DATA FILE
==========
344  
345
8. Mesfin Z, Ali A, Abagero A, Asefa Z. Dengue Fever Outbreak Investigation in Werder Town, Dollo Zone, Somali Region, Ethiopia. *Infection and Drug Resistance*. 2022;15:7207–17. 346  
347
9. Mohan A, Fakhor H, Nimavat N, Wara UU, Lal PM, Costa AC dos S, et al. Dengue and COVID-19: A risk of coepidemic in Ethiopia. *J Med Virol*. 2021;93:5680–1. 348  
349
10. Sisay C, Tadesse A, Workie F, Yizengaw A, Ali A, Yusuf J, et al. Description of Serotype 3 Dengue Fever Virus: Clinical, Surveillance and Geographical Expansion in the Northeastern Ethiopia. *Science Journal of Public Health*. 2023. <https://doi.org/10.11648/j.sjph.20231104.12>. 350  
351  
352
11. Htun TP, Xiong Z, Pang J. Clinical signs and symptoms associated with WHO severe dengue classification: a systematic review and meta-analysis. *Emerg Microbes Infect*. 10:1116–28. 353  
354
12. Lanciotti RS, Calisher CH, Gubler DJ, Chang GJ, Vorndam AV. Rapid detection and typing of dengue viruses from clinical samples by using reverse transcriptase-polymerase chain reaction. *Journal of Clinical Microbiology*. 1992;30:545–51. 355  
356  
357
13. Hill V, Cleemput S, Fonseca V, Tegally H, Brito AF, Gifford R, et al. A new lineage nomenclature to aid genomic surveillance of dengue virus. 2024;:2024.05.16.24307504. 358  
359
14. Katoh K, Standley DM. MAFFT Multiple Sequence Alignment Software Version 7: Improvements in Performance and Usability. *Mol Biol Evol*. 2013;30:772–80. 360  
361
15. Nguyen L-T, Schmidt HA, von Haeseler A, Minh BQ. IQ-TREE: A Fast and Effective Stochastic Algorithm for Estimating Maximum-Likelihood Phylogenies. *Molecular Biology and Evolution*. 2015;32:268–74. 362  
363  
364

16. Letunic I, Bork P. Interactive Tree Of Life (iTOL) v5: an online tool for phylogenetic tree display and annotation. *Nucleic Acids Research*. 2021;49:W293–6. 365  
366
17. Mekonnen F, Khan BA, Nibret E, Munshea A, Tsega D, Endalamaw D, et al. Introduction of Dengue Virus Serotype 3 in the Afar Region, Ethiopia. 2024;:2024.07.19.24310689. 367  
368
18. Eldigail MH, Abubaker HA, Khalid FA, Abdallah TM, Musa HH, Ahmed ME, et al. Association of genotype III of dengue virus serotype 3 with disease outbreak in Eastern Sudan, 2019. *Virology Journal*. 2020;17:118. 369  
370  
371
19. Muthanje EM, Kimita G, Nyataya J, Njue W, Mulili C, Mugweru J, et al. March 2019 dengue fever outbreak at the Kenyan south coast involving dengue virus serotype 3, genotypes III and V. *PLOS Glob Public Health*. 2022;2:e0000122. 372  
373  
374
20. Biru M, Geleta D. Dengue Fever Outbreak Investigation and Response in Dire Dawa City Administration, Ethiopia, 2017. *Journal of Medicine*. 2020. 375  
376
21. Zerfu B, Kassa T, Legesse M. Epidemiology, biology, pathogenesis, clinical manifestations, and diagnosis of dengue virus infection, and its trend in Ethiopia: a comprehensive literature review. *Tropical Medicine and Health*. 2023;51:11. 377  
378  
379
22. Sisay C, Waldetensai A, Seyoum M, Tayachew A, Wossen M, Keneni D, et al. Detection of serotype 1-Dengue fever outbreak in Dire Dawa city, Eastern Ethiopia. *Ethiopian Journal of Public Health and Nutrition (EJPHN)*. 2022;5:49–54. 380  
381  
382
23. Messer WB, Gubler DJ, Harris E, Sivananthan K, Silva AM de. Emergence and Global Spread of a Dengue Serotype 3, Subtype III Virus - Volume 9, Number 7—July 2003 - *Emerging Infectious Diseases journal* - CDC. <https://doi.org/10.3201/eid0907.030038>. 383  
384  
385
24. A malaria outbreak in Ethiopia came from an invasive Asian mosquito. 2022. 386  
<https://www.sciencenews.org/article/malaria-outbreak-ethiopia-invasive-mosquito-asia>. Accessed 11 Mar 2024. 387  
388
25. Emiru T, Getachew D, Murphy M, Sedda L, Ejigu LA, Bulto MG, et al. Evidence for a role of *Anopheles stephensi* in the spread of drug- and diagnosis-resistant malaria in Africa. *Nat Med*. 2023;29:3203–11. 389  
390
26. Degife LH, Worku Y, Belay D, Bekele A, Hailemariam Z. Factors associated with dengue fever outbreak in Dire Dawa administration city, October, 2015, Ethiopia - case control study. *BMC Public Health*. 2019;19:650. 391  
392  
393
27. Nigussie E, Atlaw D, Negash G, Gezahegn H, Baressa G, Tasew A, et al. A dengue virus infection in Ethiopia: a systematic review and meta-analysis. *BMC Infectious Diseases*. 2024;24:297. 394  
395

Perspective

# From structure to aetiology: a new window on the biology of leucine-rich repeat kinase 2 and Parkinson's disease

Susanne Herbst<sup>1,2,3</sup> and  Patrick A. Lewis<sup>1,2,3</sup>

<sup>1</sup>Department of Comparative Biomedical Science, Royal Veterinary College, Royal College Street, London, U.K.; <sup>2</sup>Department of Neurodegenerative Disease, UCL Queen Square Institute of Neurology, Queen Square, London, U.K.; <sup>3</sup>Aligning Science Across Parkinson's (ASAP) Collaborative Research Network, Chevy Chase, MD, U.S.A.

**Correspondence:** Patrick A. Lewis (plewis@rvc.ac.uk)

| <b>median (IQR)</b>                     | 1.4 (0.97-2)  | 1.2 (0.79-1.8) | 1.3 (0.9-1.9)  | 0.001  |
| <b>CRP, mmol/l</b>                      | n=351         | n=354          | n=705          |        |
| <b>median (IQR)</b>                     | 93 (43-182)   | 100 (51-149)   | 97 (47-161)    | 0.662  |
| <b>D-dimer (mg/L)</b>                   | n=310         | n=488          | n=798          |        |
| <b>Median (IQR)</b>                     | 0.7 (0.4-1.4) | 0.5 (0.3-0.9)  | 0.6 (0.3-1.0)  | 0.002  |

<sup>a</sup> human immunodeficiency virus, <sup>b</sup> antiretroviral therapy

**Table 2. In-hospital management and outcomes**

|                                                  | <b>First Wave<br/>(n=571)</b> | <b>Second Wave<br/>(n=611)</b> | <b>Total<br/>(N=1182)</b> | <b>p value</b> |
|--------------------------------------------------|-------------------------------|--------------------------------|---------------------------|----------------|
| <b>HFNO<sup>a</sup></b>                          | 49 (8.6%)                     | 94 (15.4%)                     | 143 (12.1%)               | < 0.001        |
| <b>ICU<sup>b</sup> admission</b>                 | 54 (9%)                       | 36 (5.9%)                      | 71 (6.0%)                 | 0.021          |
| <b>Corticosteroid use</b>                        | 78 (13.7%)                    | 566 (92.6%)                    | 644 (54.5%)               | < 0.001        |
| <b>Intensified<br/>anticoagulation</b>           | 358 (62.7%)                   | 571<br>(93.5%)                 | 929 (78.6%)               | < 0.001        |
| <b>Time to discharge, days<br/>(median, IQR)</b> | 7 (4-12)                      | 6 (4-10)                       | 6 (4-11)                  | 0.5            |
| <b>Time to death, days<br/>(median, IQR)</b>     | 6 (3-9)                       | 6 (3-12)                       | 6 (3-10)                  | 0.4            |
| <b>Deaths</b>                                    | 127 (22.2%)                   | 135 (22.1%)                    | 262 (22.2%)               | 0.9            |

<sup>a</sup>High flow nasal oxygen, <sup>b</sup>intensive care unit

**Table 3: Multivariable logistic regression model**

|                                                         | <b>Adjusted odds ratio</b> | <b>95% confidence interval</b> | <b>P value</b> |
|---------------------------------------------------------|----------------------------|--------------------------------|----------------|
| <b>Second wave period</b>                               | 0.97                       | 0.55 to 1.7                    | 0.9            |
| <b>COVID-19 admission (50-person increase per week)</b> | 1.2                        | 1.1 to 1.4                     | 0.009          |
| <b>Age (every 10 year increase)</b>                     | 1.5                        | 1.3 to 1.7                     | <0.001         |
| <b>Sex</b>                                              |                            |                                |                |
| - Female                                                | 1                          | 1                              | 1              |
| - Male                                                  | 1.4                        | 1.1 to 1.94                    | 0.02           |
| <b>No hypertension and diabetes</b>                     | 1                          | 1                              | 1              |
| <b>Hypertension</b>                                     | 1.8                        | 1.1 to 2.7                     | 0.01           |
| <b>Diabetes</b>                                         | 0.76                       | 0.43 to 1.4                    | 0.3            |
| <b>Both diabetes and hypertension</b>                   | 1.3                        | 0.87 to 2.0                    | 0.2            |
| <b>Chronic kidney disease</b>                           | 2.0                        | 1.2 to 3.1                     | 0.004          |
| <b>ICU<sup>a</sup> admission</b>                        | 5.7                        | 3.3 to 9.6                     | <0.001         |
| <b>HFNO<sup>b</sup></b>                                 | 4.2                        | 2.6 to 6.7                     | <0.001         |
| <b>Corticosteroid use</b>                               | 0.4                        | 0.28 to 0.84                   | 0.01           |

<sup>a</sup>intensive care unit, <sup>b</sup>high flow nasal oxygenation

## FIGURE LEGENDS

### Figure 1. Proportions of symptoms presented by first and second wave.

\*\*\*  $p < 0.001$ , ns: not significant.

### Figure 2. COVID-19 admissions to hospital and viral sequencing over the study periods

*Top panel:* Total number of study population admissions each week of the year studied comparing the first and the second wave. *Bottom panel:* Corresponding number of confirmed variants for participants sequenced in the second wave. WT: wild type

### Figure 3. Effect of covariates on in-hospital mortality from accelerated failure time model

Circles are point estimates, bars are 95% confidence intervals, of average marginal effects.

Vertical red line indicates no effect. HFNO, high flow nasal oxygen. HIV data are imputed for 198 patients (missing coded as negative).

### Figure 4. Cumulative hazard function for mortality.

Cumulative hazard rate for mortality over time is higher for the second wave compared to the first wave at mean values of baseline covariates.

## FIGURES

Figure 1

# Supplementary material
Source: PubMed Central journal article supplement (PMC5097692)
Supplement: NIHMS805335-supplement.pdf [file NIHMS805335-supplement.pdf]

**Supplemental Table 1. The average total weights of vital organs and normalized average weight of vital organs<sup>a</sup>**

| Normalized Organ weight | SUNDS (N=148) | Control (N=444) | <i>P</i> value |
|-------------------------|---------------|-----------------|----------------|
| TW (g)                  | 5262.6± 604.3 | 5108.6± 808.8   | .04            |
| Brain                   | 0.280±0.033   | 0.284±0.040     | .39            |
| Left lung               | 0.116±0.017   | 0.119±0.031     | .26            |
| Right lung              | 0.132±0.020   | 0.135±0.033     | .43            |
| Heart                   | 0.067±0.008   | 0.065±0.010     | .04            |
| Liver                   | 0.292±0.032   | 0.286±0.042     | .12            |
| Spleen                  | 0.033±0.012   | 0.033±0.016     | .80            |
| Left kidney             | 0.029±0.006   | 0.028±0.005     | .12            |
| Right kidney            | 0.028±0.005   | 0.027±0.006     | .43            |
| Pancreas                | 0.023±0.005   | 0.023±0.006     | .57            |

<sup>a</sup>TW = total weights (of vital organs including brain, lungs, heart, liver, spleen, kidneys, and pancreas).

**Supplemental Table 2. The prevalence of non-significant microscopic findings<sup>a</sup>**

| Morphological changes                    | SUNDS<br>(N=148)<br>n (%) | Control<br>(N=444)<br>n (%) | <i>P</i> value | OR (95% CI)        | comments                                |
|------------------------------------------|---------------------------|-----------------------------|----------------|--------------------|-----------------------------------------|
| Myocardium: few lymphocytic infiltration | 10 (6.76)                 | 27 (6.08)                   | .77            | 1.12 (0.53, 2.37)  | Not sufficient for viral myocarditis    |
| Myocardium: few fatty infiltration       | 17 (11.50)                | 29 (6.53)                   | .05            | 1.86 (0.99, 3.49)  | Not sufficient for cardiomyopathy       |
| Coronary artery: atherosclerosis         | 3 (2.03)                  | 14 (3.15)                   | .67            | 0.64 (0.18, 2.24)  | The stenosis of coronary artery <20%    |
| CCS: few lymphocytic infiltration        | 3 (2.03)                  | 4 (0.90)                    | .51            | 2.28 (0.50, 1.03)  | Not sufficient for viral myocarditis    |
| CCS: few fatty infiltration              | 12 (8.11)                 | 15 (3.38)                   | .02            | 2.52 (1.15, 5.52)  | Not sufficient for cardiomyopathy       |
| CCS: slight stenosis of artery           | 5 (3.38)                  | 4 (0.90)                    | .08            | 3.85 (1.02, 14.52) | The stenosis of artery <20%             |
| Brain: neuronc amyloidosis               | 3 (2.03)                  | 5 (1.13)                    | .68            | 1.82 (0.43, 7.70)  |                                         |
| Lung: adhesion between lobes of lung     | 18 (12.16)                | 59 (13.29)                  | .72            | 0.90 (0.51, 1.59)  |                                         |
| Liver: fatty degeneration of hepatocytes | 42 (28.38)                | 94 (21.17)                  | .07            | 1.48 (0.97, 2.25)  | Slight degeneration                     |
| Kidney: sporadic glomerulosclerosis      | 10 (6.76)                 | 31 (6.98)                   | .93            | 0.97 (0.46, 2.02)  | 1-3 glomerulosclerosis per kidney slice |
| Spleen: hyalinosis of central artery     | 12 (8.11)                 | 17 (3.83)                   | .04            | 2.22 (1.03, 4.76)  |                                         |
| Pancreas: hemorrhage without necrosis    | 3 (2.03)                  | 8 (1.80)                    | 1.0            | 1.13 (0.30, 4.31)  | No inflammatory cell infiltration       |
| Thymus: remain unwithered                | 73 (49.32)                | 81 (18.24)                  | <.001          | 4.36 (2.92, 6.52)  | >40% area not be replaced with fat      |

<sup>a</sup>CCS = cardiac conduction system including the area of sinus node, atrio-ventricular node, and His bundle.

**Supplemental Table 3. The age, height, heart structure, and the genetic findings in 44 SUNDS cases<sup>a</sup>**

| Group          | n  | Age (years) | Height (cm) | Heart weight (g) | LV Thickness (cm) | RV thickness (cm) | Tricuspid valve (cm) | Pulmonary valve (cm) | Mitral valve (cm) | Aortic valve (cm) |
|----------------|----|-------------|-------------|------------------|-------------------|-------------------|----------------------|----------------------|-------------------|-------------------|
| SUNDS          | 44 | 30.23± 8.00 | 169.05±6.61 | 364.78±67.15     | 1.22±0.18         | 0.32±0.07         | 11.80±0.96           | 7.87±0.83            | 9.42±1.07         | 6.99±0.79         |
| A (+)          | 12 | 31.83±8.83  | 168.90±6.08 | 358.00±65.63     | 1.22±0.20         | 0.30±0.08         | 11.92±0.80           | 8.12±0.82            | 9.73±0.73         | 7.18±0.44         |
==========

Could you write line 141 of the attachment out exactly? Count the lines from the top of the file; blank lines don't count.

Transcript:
|----------------|----|-------------|-------------|------------------|-------------------|-------------------|----------------------|----------------------|-------------------|-------------------|